Intralocus sexual conflict in hermaphrodites
GFP-marked (upper) and unmarked (lower) worms. Photo courtesy of Micha Eichmann.
In this project, we are investigating what happens when a hermaphrodite experiences sex-limited selection on a synthetic sex chromosome. The study species is Macrostomum lignano, a free-living, obligate outcrossing, hermaphroditic flatworm. This species has had the gene for green fluorescent protein (GFP) introgressed into its genome. By using the GFP locus as a marker, it can essentially become a sex-determining gene. This will result in the build up of a genetic correlation between the GFP colour marker and sex-specific fitness loci. The experimental design is inspired by previous studies carried out in insects, where experimental evolution has been used to build-up a genetic correlation between a colour marker locus and a trait of interest. There are three experimental treatments, each with several replicate populations: one "male" treatment, where marked worms only pass on their genetic material through sperm, one "female" treatment, where marked worms only pass on their genetic material through eggs, and one control. In the "male" and "female" treatments this should create very strong selection to invest in the appropriate sex function, and sex-specific loci with any sort of genetic linkage to the GFP locus (physical, epistatic, or pleiotropic) will be favoured. This means that in the "male" treatment all GFP-linked standing genetic variation for increased fitness via sperm will accumulate while loci for increased fitness via eggs will be filtered out (and vice versa for the "female" treatment).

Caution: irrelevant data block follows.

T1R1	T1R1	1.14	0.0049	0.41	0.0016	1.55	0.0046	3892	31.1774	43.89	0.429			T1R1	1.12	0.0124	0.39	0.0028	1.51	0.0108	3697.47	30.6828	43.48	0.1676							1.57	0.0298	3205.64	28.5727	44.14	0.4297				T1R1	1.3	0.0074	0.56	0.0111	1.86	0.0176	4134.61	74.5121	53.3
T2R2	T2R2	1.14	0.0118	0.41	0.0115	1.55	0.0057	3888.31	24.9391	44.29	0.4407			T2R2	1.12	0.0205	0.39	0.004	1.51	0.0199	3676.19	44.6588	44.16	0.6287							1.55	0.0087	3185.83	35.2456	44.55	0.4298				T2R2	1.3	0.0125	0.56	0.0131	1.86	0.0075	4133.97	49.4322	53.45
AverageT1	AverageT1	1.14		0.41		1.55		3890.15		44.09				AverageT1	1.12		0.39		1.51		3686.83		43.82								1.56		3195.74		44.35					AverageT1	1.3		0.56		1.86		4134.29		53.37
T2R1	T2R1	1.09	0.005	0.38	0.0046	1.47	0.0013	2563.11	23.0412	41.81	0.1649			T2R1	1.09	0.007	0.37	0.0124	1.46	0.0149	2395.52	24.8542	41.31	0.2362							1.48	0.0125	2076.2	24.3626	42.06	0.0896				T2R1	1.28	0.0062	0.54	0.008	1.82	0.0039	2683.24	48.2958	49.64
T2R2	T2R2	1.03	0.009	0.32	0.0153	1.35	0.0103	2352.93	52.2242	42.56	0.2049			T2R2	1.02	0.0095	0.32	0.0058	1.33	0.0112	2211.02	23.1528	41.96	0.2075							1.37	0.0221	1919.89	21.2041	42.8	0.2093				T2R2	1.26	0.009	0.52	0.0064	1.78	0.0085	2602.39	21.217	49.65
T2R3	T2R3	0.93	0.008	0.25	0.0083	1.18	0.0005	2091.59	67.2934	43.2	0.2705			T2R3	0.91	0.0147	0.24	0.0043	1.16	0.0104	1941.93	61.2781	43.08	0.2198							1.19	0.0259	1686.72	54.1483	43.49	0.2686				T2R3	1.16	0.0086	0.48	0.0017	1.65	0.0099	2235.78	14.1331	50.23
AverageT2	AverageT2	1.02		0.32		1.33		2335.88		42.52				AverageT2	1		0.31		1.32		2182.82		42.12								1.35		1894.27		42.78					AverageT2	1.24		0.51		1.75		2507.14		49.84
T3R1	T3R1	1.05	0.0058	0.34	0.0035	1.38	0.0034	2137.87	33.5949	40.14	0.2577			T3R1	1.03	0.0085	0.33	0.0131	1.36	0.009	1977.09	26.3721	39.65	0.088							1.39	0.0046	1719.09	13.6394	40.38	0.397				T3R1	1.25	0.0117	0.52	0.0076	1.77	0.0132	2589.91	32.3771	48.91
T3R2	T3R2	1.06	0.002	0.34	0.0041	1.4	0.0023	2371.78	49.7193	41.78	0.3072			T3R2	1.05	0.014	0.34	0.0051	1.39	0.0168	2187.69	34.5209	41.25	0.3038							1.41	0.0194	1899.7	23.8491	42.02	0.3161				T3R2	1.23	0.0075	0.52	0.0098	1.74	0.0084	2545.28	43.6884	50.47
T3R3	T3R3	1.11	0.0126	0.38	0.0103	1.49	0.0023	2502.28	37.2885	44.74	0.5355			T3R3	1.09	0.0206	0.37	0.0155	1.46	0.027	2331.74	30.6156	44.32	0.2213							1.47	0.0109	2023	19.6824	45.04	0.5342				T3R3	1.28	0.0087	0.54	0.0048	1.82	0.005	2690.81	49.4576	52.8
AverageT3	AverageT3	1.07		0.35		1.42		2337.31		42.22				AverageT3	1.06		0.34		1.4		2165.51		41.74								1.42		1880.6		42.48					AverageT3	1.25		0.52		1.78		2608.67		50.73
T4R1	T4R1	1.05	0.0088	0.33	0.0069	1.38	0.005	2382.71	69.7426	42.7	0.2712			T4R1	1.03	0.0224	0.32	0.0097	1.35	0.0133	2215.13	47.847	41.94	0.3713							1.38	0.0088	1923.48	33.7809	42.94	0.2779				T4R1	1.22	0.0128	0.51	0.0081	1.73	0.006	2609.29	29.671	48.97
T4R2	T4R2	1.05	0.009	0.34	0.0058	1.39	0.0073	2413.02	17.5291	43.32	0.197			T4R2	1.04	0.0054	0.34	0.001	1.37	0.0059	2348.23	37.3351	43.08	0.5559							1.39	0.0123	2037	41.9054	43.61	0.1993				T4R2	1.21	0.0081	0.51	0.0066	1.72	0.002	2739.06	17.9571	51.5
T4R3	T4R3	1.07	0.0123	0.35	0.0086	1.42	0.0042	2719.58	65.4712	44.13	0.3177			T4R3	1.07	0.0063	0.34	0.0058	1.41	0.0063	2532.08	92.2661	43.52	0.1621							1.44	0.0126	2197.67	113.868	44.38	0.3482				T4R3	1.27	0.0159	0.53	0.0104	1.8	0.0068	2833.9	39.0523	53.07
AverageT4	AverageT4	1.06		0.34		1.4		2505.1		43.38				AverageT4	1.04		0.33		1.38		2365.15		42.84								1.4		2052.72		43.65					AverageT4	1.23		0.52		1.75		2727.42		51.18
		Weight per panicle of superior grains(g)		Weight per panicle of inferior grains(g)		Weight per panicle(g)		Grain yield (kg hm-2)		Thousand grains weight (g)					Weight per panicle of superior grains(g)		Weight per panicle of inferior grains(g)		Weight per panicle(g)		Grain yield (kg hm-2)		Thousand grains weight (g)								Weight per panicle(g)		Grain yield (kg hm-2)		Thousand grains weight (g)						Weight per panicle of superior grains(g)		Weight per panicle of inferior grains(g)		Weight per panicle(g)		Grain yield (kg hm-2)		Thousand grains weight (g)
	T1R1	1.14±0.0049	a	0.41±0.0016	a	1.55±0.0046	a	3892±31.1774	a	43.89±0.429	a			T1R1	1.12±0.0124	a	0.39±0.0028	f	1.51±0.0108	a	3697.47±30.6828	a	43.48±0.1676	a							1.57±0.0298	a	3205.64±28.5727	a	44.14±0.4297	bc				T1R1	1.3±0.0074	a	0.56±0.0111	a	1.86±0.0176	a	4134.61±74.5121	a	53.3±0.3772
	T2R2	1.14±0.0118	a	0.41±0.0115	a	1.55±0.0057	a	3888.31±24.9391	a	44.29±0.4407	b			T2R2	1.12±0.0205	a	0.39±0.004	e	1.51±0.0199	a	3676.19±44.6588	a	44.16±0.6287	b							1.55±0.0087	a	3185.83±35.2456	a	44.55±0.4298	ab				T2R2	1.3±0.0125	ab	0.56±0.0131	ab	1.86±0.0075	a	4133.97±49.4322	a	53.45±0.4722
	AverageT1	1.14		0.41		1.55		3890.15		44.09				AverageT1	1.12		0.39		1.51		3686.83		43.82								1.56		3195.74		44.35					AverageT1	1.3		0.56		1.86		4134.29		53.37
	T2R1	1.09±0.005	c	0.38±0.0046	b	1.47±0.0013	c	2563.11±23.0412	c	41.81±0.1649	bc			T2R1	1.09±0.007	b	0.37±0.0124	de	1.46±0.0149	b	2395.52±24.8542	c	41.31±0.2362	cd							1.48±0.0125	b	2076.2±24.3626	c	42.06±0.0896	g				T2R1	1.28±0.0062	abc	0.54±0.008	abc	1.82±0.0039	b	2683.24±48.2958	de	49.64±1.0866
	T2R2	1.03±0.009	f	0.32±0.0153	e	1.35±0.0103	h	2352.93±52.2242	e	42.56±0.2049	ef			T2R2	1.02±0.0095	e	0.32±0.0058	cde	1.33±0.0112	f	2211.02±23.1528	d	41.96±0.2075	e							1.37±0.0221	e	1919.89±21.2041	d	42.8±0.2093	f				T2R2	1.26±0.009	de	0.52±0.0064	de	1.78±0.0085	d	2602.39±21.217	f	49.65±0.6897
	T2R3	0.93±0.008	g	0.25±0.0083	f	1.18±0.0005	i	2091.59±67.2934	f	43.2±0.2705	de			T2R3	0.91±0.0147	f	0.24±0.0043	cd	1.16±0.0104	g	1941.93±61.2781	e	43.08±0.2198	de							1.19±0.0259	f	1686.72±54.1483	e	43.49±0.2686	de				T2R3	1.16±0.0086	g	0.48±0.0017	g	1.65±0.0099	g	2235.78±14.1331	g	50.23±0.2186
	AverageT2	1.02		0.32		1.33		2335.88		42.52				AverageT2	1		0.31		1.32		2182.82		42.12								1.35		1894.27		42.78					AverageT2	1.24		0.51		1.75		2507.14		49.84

We have been able to confirm a response to the sex-specific selection protocol after 15 generations, and are currently engaged in investigating the genomic basis of the response. This experiment is also supplemented with a quantitative genetic analysis of standing sexually antagonistic genetic variation for fitness in M. lignano, as well as analytical and simulation modeling of the maintenance of sexually antagonistic genetic variation in hermaphroditic species in general.
Students: Anna Nordén